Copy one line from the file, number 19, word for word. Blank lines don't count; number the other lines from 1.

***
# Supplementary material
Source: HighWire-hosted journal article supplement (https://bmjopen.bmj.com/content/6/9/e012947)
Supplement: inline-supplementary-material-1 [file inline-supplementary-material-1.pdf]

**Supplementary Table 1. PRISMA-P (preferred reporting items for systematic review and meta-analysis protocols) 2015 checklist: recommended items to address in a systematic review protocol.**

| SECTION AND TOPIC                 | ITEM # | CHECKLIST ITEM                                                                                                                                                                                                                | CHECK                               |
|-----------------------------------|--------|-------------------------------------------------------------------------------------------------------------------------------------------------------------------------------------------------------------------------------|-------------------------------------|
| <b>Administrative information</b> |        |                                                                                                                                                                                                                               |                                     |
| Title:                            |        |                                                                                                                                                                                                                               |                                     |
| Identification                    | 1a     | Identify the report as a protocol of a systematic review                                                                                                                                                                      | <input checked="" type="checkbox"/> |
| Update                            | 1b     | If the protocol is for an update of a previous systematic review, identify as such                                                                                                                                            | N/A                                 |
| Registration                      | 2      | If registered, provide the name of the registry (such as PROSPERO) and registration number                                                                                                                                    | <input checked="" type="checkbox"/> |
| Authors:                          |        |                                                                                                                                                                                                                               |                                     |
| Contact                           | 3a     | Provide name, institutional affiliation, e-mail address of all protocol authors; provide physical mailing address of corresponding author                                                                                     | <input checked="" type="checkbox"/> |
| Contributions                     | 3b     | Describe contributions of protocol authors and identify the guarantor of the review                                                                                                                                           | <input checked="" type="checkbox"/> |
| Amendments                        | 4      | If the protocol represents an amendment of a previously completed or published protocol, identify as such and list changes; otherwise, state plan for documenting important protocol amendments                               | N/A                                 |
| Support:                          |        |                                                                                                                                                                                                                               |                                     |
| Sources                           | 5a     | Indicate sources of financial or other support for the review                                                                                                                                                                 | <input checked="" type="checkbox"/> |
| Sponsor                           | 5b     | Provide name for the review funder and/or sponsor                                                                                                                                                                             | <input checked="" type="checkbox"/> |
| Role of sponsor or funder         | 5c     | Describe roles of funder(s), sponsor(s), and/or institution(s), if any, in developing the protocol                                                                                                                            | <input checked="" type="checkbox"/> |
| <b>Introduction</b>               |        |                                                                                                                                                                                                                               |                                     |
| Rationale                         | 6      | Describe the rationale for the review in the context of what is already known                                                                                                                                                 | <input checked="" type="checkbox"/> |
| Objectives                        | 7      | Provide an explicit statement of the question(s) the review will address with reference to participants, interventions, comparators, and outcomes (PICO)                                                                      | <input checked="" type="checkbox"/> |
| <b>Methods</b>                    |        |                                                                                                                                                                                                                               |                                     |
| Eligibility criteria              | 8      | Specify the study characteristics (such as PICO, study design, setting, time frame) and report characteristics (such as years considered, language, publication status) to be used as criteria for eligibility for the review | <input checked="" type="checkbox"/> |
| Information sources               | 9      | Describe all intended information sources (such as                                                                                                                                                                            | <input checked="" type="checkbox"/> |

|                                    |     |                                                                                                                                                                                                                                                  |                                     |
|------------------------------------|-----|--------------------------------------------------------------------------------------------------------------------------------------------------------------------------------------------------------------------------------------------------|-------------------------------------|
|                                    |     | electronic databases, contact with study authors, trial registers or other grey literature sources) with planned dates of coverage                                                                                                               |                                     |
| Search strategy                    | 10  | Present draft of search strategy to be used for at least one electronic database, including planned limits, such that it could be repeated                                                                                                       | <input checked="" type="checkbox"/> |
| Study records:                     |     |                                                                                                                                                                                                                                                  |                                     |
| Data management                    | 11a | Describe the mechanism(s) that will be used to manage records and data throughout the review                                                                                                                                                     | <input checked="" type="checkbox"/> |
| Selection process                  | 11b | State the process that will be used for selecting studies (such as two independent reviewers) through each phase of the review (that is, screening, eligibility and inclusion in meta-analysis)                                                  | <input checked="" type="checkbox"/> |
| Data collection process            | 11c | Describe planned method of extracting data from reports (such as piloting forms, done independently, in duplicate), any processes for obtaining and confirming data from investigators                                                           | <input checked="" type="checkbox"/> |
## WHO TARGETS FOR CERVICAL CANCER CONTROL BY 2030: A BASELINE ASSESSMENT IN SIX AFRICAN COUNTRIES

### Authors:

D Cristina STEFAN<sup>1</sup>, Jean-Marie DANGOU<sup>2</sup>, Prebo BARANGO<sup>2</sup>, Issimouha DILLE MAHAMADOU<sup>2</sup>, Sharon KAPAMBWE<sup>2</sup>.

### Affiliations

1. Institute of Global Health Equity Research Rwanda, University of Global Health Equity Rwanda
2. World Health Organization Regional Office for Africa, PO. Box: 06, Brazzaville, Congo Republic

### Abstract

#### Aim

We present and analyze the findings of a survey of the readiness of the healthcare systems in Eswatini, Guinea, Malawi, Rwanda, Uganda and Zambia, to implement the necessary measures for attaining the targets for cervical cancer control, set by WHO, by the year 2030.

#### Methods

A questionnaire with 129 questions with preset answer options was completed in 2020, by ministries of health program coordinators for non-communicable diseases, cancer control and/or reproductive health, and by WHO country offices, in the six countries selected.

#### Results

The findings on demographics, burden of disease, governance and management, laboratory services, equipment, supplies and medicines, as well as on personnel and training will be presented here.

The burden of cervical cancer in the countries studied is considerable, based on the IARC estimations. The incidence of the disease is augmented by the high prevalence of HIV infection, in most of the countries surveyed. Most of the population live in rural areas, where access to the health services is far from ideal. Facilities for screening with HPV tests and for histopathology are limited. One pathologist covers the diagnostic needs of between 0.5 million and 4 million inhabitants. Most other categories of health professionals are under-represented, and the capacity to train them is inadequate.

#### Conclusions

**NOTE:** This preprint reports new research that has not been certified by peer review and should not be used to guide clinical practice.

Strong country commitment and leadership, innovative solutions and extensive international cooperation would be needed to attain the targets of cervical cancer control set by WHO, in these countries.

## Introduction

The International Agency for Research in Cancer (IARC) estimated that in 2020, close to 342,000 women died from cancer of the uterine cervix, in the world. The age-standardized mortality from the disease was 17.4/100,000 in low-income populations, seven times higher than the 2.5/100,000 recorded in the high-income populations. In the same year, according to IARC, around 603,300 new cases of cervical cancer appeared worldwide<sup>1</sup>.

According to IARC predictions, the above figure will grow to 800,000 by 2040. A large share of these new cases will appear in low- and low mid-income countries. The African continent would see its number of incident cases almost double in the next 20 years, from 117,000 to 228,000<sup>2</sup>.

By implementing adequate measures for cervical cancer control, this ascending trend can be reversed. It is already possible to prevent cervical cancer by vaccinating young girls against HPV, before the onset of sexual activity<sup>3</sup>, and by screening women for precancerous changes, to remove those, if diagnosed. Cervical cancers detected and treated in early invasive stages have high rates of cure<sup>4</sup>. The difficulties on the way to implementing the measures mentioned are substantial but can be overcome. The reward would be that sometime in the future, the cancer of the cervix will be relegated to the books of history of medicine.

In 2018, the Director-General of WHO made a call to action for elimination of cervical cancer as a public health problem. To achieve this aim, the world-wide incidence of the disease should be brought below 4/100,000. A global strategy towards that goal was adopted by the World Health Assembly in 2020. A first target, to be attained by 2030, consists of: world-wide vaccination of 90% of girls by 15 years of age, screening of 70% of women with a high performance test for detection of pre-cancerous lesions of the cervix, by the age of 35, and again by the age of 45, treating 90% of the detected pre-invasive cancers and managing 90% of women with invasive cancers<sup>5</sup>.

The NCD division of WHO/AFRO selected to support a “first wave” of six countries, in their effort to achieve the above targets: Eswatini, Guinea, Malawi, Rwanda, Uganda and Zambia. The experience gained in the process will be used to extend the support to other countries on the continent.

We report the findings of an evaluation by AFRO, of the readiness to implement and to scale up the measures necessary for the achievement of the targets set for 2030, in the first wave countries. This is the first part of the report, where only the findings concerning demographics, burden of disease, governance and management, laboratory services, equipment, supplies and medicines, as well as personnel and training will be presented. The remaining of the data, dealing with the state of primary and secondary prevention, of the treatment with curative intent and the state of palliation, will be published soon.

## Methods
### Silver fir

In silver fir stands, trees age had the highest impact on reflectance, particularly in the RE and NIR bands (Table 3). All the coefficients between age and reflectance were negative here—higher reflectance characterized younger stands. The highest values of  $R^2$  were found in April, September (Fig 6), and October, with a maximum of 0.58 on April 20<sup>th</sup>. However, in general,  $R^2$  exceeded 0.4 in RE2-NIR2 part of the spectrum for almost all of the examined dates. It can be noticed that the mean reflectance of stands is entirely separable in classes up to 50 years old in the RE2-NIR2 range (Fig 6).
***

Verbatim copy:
| Role of sponsor or funder         | 5c     | Describe roles of funder(s), sponsor(s), and/or institution(s), if any, in developing the protocol                                                                                                                            | <input checked="" type="checkbox"/> |